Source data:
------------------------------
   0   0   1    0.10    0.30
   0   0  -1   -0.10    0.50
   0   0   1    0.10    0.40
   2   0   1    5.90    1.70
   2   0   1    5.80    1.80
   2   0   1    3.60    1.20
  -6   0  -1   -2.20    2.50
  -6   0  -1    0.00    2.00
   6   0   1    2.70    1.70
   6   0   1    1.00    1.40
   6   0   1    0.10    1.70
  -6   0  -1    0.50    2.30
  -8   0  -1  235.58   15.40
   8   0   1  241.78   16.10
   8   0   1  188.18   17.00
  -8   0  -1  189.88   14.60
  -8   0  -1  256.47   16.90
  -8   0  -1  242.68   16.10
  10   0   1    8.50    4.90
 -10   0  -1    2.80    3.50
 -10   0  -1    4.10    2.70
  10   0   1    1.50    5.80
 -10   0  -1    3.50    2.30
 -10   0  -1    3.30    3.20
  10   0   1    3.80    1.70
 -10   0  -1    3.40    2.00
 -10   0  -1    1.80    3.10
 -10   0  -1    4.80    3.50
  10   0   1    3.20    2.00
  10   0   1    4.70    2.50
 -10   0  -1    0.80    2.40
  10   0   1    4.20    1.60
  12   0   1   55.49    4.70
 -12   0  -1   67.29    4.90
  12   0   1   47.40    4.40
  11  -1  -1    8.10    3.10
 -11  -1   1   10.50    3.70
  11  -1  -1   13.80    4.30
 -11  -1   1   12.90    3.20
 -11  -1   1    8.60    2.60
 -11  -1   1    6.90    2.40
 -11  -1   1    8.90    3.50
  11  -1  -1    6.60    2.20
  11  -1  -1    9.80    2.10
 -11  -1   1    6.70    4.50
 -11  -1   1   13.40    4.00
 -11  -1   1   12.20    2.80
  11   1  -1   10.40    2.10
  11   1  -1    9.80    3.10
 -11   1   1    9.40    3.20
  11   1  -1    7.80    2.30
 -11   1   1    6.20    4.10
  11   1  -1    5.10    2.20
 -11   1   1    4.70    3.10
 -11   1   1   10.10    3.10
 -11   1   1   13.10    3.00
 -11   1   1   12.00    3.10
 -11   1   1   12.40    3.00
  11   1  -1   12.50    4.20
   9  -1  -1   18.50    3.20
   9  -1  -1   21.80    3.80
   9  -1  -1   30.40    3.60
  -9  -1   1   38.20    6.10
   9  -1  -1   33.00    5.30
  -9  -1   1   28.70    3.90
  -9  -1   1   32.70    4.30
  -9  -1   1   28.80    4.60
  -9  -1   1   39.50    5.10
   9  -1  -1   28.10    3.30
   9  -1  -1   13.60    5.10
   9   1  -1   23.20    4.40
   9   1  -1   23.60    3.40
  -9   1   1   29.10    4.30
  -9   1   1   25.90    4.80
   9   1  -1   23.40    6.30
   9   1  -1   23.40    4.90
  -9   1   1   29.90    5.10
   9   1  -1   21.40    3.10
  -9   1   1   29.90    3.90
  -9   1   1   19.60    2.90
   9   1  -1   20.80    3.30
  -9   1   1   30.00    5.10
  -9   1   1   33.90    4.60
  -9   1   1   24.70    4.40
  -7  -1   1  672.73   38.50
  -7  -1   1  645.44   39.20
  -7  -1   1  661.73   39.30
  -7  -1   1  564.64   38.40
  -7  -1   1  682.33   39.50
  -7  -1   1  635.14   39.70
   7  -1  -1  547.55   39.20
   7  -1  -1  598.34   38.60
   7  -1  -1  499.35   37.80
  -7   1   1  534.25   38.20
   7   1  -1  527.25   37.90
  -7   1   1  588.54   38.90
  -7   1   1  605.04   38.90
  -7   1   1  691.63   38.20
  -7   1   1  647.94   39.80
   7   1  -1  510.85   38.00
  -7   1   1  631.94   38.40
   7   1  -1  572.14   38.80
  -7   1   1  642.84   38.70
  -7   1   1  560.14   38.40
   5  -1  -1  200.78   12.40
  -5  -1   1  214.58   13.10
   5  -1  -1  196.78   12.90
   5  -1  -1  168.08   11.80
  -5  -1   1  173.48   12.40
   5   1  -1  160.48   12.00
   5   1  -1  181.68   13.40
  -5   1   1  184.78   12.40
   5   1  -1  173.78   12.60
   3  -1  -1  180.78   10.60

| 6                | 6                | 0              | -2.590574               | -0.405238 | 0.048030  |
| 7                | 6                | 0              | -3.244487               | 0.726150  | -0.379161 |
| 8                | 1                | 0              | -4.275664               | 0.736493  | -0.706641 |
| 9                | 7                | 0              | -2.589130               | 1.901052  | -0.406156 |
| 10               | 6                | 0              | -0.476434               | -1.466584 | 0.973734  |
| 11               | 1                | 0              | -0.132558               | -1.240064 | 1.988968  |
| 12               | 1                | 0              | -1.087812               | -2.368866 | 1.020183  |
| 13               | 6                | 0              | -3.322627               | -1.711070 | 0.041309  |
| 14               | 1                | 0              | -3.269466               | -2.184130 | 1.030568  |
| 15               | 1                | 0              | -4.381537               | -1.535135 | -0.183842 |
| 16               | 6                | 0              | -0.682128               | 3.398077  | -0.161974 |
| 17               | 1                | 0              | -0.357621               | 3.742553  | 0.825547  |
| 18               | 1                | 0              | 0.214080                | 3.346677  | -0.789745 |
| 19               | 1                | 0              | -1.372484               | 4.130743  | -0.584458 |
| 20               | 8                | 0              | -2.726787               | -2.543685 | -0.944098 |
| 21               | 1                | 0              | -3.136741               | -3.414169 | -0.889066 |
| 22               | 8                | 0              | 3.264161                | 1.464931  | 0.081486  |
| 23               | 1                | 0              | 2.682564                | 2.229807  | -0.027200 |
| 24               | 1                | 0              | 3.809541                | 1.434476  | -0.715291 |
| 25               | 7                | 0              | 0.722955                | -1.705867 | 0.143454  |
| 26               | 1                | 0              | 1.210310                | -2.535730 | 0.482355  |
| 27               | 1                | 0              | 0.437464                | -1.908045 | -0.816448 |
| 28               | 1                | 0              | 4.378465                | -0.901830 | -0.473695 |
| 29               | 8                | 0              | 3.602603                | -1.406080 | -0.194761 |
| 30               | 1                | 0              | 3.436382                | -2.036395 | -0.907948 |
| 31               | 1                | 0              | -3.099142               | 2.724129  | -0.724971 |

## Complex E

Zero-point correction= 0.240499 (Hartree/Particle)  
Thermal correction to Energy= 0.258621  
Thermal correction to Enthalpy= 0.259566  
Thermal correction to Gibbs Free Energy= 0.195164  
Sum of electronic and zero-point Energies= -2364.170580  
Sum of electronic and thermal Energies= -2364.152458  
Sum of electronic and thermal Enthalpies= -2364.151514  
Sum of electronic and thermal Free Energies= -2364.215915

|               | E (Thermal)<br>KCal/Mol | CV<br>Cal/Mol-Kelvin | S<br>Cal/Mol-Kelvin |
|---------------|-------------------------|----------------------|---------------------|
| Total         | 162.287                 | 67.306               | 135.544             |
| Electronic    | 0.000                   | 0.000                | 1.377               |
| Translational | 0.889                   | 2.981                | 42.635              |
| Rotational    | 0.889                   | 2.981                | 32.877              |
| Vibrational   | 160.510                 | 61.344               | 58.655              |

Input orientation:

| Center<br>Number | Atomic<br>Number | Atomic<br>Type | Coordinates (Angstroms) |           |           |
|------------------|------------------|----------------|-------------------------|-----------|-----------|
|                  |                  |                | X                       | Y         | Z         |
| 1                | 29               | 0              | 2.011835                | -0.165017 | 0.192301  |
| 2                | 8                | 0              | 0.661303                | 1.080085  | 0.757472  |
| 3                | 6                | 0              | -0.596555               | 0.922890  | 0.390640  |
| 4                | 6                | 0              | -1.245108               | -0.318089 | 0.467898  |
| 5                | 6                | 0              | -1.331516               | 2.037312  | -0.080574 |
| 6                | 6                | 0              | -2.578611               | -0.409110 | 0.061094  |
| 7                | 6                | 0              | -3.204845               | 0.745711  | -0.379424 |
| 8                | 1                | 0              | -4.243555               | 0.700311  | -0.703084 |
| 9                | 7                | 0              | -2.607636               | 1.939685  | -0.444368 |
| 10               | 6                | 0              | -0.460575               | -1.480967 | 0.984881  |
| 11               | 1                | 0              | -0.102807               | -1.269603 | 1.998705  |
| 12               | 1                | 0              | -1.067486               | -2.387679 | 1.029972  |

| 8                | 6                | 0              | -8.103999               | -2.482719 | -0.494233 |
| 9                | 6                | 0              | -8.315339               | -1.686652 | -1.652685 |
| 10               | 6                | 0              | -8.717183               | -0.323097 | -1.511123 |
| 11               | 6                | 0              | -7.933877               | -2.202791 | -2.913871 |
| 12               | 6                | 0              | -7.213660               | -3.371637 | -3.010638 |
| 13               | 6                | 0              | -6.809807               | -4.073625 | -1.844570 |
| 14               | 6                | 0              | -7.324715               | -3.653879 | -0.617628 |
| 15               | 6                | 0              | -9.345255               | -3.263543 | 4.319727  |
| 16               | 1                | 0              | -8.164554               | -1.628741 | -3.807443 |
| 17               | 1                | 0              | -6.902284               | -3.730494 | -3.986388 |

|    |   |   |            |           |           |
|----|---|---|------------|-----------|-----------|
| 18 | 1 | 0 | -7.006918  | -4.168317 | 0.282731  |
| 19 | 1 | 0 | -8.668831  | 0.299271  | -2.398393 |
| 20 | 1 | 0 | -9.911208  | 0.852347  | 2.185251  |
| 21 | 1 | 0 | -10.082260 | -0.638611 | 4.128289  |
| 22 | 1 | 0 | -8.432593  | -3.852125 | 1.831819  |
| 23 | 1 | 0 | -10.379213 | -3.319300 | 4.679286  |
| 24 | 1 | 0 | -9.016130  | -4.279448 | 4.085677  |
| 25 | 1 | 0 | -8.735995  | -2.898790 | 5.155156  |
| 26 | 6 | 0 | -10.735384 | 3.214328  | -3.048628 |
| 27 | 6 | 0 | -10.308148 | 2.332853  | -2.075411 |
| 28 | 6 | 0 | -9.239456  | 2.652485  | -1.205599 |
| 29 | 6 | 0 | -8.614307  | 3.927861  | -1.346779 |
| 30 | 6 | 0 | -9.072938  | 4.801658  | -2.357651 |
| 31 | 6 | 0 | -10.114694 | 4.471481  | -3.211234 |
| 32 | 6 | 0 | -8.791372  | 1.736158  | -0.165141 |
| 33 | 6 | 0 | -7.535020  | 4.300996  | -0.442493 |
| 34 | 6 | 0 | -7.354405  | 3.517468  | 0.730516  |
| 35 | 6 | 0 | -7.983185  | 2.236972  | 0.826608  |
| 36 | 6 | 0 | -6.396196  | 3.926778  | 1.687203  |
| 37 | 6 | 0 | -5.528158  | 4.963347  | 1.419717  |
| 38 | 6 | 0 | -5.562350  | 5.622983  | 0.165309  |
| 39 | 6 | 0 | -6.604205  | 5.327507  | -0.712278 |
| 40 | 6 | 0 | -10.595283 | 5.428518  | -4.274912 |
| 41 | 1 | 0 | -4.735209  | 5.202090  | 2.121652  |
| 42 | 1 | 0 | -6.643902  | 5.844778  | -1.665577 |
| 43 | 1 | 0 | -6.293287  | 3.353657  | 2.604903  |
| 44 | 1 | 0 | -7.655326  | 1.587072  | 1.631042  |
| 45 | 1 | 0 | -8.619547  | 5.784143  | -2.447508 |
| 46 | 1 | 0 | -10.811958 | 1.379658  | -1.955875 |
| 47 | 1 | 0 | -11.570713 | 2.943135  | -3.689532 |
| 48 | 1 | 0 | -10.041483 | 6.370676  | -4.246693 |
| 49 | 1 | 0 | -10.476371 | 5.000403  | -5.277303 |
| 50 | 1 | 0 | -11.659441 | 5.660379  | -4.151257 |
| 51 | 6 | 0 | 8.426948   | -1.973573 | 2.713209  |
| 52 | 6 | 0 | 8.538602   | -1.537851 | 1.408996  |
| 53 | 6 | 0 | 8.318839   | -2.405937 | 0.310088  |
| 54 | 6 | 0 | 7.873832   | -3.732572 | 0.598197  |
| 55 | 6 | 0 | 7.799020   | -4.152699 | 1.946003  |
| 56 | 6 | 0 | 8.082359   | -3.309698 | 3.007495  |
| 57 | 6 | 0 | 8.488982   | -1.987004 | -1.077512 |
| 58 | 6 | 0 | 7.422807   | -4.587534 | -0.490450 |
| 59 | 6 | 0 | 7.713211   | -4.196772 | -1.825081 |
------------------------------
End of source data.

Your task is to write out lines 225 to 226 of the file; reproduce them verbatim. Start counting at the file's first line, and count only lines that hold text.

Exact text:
| 58 | 6 | 0 | 7.422807   | -4.587534 | -0.490450 |
| 59 | 6 | 0 | 7.713211   | -4.196772 | -1.825081 |